Bradley Beal Trade Scores: Instant reaction as the Suns form a new big 3 in Phoenix

Once Bradley Bell finally decided to explore greener pastures outside of the Washington Wizards uniform, it didn’t take long for the deal to be finalized. Shams Charania reports that the Wizards are trading Bale to the Phoenix Suns for Chris Paul and Landry Shamet, “a handful of second-round picks” and multiple first-round swaps.

We’ve wondered the past few days if the Miami Heat will finally be the team to pounce on the Beal acquisition or if Deandre Ayton will be the key player returning in a three-time All-Star deal. But it turns out that the Wizards and their new front office are happy to get ceiling relief and questionable capital return. Let’s break out the red ink and throw some scores on this trade:

Phoenix acquires Bradley Bell

Wherever Kevin Durant goes, the tag team superstar will follow. We just have to see if the super team can hold its own and make a deep run towards the championship. We saw a couple of titles come his way when he joined the mighty Golden State Warriors in 2016. We didn’t see the same success when KD joined Kyrie Irving on the Brooklyn Nets and eventually saw the team trade for James Harden. Soon it collapsed. Durant found himself in the Suns at the trade deadline earlier this year, and his combination, Devin Booker and Chris Paul, only resulted in a second-round exit.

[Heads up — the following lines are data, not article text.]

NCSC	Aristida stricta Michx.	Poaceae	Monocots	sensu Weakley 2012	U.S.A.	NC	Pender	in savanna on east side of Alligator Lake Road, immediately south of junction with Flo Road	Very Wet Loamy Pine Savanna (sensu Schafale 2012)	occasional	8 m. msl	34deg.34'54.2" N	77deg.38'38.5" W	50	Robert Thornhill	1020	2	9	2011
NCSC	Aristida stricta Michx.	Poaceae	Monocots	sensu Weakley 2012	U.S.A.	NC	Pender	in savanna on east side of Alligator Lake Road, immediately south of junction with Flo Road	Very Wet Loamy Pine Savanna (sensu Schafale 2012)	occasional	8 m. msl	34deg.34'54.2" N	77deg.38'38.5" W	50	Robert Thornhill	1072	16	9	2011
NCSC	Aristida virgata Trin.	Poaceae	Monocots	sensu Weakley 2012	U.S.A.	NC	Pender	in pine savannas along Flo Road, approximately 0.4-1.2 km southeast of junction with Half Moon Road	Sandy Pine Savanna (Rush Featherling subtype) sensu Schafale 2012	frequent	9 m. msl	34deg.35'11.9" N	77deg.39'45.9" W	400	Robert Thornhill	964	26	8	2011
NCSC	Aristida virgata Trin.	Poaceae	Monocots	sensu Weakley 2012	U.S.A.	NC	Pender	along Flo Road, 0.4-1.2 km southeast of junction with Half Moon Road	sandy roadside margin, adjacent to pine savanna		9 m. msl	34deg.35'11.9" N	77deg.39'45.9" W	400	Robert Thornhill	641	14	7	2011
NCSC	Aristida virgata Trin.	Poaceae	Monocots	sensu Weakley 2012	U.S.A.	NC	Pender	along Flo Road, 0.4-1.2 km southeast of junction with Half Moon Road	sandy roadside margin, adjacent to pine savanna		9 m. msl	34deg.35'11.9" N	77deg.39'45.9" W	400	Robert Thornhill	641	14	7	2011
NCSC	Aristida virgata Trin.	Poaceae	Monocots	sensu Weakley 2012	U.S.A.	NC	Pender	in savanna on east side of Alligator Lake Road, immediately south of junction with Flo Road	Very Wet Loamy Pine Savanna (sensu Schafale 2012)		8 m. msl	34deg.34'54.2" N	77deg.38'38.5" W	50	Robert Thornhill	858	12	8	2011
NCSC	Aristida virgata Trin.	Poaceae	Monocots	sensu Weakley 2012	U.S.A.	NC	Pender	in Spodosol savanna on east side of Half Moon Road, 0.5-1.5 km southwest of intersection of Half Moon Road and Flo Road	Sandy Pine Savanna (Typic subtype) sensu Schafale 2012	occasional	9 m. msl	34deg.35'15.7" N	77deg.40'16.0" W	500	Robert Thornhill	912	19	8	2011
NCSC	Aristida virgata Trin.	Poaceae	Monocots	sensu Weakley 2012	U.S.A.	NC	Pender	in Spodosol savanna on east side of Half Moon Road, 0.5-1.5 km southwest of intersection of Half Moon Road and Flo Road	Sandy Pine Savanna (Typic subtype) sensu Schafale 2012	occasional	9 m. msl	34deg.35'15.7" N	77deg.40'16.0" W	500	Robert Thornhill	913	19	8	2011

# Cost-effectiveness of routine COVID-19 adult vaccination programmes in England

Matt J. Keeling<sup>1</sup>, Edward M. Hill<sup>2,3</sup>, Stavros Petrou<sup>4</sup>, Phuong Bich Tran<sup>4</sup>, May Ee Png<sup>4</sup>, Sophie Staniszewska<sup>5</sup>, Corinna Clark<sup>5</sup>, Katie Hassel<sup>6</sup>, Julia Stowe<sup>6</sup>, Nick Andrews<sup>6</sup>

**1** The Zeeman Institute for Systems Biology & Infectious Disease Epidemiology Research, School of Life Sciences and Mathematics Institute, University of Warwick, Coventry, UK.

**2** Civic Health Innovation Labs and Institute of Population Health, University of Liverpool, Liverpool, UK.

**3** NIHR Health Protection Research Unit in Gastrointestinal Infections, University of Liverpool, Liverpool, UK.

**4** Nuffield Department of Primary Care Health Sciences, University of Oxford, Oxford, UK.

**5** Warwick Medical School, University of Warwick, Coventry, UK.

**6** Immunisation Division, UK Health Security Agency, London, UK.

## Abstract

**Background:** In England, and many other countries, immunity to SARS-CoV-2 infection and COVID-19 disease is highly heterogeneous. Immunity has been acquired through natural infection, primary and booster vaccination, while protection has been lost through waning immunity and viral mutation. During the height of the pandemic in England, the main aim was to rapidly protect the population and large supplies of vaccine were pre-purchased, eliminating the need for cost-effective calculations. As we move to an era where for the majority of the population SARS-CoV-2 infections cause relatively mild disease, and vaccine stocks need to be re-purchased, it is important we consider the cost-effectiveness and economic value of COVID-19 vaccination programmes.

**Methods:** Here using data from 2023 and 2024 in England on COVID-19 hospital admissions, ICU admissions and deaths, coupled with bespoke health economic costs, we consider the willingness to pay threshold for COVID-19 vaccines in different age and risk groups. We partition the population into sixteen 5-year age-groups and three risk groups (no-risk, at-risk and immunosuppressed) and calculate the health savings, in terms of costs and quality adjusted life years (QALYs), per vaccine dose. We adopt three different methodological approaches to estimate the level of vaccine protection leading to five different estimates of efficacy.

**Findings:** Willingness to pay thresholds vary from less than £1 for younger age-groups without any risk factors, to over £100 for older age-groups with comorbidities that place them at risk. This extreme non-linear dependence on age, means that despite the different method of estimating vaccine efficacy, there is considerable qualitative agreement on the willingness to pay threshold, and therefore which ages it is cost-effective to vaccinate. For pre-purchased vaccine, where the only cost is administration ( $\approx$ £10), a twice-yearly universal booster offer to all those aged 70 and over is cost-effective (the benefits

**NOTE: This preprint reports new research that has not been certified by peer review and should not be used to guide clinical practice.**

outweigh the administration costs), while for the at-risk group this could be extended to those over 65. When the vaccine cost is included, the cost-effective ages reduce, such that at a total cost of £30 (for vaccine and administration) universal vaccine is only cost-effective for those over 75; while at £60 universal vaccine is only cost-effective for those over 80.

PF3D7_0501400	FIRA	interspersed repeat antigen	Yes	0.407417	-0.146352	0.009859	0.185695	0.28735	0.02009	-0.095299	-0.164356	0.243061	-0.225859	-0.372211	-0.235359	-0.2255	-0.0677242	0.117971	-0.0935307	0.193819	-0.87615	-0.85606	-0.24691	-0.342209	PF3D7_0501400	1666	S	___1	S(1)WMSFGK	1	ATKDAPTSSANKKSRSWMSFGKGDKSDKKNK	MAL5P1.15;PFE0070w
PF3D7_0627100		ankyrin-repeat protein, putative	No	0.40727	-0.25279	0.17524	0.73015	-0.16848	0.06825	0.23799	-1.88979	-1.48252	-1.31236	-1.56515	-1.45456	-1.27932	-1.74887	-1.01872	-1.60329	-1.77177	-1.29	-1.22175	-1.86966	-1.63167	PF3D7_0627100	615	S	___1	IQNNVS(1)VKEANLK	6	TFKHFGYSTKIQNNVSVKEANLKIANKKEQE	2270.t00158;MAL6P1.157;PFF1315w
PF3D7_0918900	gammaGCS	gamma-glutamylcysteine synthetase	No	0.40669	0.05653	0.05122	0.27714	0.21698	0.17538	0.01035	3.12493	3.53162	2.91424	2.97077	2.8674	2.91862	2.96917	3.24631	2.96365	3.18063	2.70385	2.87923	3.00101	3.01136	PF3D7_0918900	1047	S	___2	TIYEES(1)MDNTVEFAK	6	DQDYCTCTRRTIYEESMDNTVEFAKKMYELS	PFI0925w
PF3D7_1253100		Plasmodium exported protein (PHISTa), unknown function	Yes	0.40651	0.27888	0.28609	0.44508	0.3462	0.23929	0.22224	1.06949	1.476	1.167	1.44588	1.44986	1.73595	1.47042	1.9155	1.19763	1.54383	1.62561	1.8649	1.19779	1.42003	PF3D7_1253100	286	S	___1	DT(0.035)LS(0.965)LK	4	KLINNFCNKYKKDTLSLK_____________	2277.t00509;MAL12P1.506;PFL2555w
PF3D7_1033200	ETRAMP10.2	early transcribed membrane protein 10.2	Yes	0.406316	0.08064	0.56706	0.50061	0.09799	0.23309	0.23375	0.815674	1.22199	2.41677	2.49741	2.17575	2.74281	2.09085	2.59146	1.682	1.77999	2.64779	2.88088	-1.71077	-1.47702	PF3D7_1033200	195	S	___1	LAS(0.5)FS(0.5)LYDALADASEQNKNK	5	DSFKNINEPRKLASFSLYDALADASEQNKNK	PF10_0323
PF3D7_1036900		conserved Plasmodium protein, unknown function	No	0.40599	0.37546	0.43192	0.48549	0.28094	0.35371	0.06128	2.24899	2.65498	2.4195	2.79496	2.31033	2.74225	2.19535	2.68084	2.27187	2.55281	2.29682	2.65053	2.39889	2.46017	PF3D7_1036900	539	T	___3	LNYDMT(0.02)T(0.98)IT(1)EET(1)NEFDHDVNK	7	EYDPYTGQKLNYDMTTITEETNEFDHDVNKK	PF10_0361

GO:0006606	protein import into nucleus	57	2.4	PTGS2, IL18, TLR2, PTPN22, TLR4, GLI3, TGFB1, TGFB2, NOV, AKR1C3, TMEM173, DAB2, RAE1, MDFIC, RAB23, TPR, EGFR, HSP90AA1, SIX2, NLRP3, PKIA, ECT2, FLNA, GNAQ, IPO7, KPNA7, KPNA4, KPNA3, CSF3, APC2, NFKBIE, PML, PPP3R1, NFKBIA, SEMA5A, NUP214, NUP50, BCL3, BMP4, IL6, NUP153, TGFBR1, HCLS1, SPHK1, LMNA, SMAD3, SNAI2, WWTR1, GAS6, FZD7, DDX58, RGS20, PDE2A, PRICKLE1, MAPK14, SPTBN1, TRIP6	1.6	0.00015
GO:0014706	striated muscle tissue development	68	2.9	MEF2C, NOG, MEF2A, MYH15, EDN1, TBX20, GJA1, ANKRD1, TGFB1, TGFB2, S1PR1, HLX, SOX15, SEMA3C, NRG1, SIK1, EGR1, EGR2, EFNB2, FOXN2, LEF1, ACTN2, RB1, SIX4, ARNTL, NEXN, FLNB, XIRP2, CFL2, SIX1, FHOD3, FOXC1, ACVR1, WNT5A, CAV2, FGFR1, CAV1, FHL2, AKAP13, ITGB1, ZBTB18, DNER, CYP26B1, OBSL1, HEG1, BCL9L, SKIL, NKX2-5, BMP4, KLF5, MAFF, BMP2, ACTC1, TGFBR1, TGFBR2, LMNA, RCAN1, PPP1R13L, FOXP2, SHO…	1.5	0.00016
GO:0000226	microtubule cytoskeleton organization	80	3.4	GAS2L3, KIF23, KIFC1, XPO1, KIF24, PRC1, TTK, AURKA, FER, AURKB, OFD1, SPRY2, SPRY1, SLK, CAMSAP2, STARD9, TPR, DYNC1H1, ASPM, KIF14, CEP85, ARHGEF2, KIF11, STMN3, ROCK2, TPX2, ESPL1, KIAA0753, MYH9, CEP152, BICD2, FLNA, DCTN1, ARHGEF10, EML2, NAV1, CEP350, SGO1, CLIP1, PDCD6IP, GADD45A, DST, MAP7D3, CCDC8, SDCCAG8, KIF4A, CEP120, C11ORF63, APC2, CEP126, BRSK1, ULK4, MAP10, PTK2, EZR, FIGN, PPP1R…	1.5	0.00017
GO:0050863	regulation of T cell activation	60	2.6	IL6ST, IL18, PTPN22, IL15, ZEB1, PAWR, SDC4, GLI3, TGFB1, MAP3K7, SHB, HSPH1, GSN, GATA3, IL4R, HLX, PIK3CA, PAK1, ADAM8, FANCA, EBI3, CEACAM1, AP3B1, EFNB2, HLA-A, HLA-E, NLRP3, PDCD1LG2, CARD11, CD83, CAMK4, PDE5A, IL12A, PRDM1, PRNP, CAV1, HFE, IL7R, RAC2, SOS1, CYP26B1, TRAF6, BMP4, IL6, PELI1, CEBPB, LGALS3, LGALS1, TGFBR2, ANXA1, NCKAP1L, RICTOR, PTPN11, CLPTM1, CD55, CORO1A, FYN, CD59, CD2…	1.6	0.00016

Adding Beal to the mix in exchange for having two guards who don’t want the franchise anymore seems like a good trade-off on the surface. Bell is one of the most talented scorers in the NBA. He’s also an underrated playmaker to others, averaging 5.5 assists per game over the last five seasons. In two of those seasons, he averaged 6.1 and 6.6 assists per game. He had an assist rate of 25.9 percent and a turnover rate of 11.6 percent over those five seasons. To put that into perspective, another playmaker, fellow freshman Booker, has an assist rate of 26.9 percent and a turnover rate of 12.6 over the same five-year period.

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Bell and Booker can co-exist in the same backcourt, and Booker will likely take on the lead keeper role most of the time, as they are both exceptional scorers and willing playmakers to take care of the ball. As we saw in the little time Durant and Booker spent on the court together, offense was getting through them pretty much anyway. They didn’t need a more traditional goalkeeper to get the ball on the ground and attack into position. Bale will fit into this dynamic well, and as with any big three player, you’d expect at least one of these players to be on the field at all times.